Go Back  DVD Talk Forum > DVD Discussions > DVD Talk
Reload this Page >

Robert Iger urges movie industry to rethink DVD release policy

DVD Talk Talk about DVDs and Movies on DVD including Covers and Cases

Robert Iger urges movie industry to rethink DVD release policy

Old 08-19-05, 07:13 PM
DVD Talk Legend
milo bloom's Avatar
Join Date: May 2001
Location: Chicago suburbs
Posts: 12,920
I'm not sure I agree with that. Sure there's crap and plenty of it, but there always has been. Besides, if these movies are selling on DVD, but not in the theater, then that tells you it's in the presentation.
milo bloom is offline  
Old 08-20-05, 12:09 AM
DVD Talk Reviewer
Rogue588's Avatar
Join Date: Aug 2001
Location: WAS looking for My Own Private Stuckeyville, but stuck in Liberty City (while missing Vice City)
Posts: 15,094
Here's an extended article..

Movie theater owners fire back at studios By Nicole Sperling
Fri Aug 19, 5:10 AM ET

LOS ANGELES (Hollywood Reporter) - Tired of being blamed for the box office slump, the nation's movie theater owners returned fire Thursday, accusing the studios of delivering sub-standard product.

"Here's what we know about 2005: The movies are not as good," said John Fithian, president of the National Association of Theater Owners.

"They're not terrible; they're just not as good. And so the industry has experienced a temporary drop-off compared to 2004, the biggest box office year in movie history."

His remarks were part of a direct rebuke to Robert Iger, who is about to take over as CEO of the Walt Disney Co. Iger said last week during the firm's third-quarter conference call that the industry should move toward the simultaneous release of theatrical films and videos. In 2004, the average gap between a film's release in theaters and on video was four months, 16 days.

Fithian said that compressing windows "to placate this instant-everywhere appetite" would result in a world with "no viable movie theater industry ... at least not a theater industry devoted to the entertainment products of Hollywood.

"(Iger) should know that Hollywood studios would be merely one shriveled vendor among many in that new world of movies-as-commodities-only," he added.

Neither Iger nor Disney chose to respond to Fithian's comments.

Year-to-date box office sales stand at $5.57 billion compared with $6.05 billion at the same time in 2004. Pundits have cited exhibitors' pumped-up onscreen advertising, rising ticket prices and rude patrons as primary reasons moviegoers are staying home.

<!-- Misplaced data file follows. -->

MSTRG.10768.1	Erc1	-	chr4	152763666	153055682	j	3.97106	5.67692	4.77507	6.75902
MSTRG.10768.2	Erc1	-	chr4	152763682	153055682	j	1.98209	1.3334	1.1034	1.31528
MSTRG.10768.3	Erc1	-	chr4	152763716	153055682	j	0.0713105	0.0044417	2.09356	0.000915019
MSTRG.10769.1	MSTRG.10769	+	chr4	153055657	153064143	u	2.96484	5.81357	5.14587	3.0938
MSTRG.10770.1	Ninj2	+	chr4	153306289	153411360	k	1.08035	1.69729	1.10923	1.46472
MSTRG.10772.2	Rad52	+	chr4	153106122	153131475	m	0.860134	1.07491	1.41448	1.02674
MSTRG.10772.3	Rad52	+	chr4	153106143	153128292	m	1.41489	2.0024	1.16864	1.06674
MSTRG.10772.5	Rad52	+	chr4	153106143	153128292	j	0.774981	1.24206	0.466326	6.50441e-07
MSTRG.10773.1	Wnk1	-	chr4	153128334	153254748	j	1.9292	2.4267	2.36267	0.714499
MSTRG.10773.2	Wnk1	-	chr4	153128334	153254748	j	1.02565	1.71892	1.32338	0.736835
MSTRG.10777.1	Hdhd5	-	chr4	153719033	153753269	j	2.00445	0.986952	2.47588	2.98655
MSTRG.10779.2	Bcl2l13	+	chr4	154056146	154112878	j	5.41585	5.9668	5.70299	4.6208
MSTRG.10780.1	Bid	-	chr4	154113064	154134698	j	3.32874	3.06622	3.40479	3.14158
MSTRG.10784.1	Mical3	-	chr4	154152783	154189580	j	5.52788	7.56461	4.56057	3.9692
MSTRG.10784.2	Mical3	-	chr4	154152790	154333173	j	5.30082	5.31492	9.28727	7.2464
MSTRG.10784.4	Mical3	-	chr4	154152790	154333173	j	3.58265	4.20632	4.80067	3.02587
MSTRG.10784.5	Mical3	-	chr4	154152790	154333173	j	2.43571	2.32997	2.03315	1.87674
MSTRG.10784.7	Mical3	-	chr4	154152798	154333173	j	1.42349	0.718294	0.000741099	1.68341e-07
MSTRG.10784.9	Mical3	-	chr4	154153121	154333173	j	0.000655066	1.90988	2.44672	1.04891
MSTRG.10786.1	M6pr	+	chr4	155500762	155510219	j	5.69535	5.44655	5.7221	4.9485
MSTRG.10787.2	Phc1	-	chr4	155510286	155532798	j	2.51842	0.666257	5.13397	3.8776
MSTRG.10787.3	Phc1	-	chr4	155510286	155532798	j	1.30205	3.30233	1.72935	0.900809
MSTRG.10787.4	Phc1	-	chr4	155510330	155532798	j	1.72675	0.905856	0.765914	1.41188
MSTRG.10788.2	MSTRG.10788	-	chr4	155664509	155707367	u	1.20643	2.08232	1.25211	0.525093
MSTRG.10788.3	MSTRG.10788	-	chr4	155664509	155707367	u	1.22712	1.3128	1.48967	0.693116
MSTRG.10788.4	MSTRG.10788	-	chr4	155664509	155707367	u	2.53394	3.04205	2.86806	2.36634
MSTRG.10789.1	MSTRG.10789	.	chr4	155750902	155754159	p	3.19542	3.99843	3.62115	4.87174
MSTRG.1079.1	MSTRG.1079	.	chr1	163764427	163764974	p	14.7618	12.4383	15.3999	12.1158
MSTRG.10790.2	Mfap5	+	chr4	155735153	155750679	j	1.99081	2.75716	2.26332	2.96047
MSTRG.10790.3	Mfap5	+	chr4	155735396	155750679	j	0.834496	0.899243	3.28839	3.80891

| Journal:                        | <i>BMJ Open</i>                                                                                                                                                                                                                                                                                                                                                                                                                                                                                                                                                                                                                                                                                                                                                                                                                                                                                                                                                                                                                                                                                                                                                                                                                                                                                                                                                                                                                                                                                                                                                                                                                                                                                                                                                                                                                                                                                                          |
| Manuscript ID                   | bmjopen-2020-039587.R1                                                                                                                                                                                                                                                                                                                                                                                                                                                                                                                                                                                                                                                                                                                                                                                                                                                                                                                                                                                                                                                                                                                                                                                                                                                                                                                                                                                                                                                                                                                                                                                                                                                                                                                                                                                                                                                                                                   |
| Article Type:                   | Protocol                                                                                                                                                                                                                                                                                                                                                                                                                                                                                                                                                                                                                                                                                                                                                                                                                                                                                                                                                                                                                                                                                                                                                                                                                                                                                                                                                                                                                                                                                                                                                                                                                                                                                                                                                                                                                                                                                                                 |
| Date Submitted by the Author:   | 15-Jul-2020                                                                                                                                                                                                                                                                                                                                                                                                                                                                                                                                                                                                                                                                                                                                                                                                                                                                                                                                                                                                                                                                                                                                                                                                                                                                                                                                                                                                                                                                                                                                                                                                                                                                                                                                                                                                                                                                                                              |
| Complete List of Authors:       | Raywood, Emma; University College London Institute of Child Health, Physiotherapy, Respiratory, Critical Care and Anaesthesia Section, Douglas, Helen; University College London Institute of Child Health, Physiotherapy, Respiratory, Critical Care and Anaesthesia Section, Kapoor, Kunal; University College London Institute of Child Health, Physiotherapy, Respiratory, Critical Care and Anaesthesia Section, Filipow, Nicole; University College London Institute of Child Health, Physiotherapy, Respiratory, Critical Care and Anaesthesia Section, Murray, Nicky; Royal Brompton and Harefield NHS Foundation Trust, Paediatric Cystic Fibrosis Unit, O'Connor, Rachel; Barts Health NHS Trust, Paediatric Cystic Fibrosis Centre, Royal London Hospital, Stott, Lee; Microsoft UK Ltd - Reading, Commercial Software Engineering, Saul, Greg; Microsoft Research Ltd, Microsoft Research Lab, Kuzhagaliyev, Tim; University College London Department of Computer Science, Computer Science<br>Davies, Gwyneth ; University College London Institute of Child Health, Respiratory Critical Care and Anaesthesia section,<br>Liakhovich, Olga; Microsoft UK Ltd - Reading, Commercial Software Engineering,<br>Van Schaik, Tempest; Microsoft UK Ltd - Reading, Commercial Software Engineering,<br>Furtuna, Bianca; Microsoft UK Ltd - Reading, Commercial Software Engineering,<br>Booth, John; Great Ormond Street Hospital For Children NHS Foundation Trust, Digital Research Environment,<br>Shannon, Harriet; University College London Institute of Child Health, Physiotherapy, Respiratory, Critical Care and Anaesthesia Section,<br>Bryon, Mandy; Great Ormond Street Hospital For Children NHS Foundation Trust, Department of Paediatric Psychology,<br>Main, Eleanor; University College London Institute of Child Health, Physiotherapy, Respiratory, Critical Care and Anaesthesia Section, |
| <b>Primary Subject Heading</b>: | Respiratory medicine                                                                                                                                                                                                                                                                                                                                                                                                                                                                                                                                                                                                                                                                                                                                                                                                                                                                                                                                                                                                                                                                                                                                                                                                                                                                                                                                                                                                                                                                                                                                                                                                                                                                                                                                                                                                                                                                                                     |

During the earnings call, Iger said, "I don't think it's out of the question that a DVD can be released in effect in the same window as a theatrical release. Although I'm sure we will get a fair amount of push-back on this from the industry, it's not out of the question. I think that all the old rules should be called into question because the rules in terms of consumption have changed so dramatically."

While no major exhibitor has suggested taking aggressive action against Disney based on Iger's comments, theater owners in the past have shown tremendous resistance to anyone who advocates a compressed windows strategy. Many in the industry believe it's just a matter of time until a major studio attempts such an experiment in the hope of reducing marketing costs and maximizing profits across the various platforms.
Rogue588 is offline  
Old 08-20-05, 12:56 AM
DVD Talk Special Edition
seymouru's Avatar
Join Date: Aug 2000
Posts: 1,170
"It's your fault!"
"No, it's your fault!!"
"No, it's your fault!!!"

Yeah, this is turning into a real fruitful debate.
seymouru is offline  
Old 08-20-05, 05:45 AM
DVD Talk Legend
spainlinx0's Avatar
Join Date: Dec 2000
Location: NJ
Posts: 14,723
Originally Posted by jdpatri
Here I think you're mistaking the term "social experience" for "social interaction."

And on the latter there are a number of classic movies that get replayed as summer events - not just your average Rocky Horror midnight screening. I attended a showing of Raiders of the Lost Ark at the Fox Theater in Atlanta that elicited cheers and key moments and hisses anytime the villian appeared on screen. This is just one example - there are hundreds in every major city across this country. These are both "social experience" and "social interaction."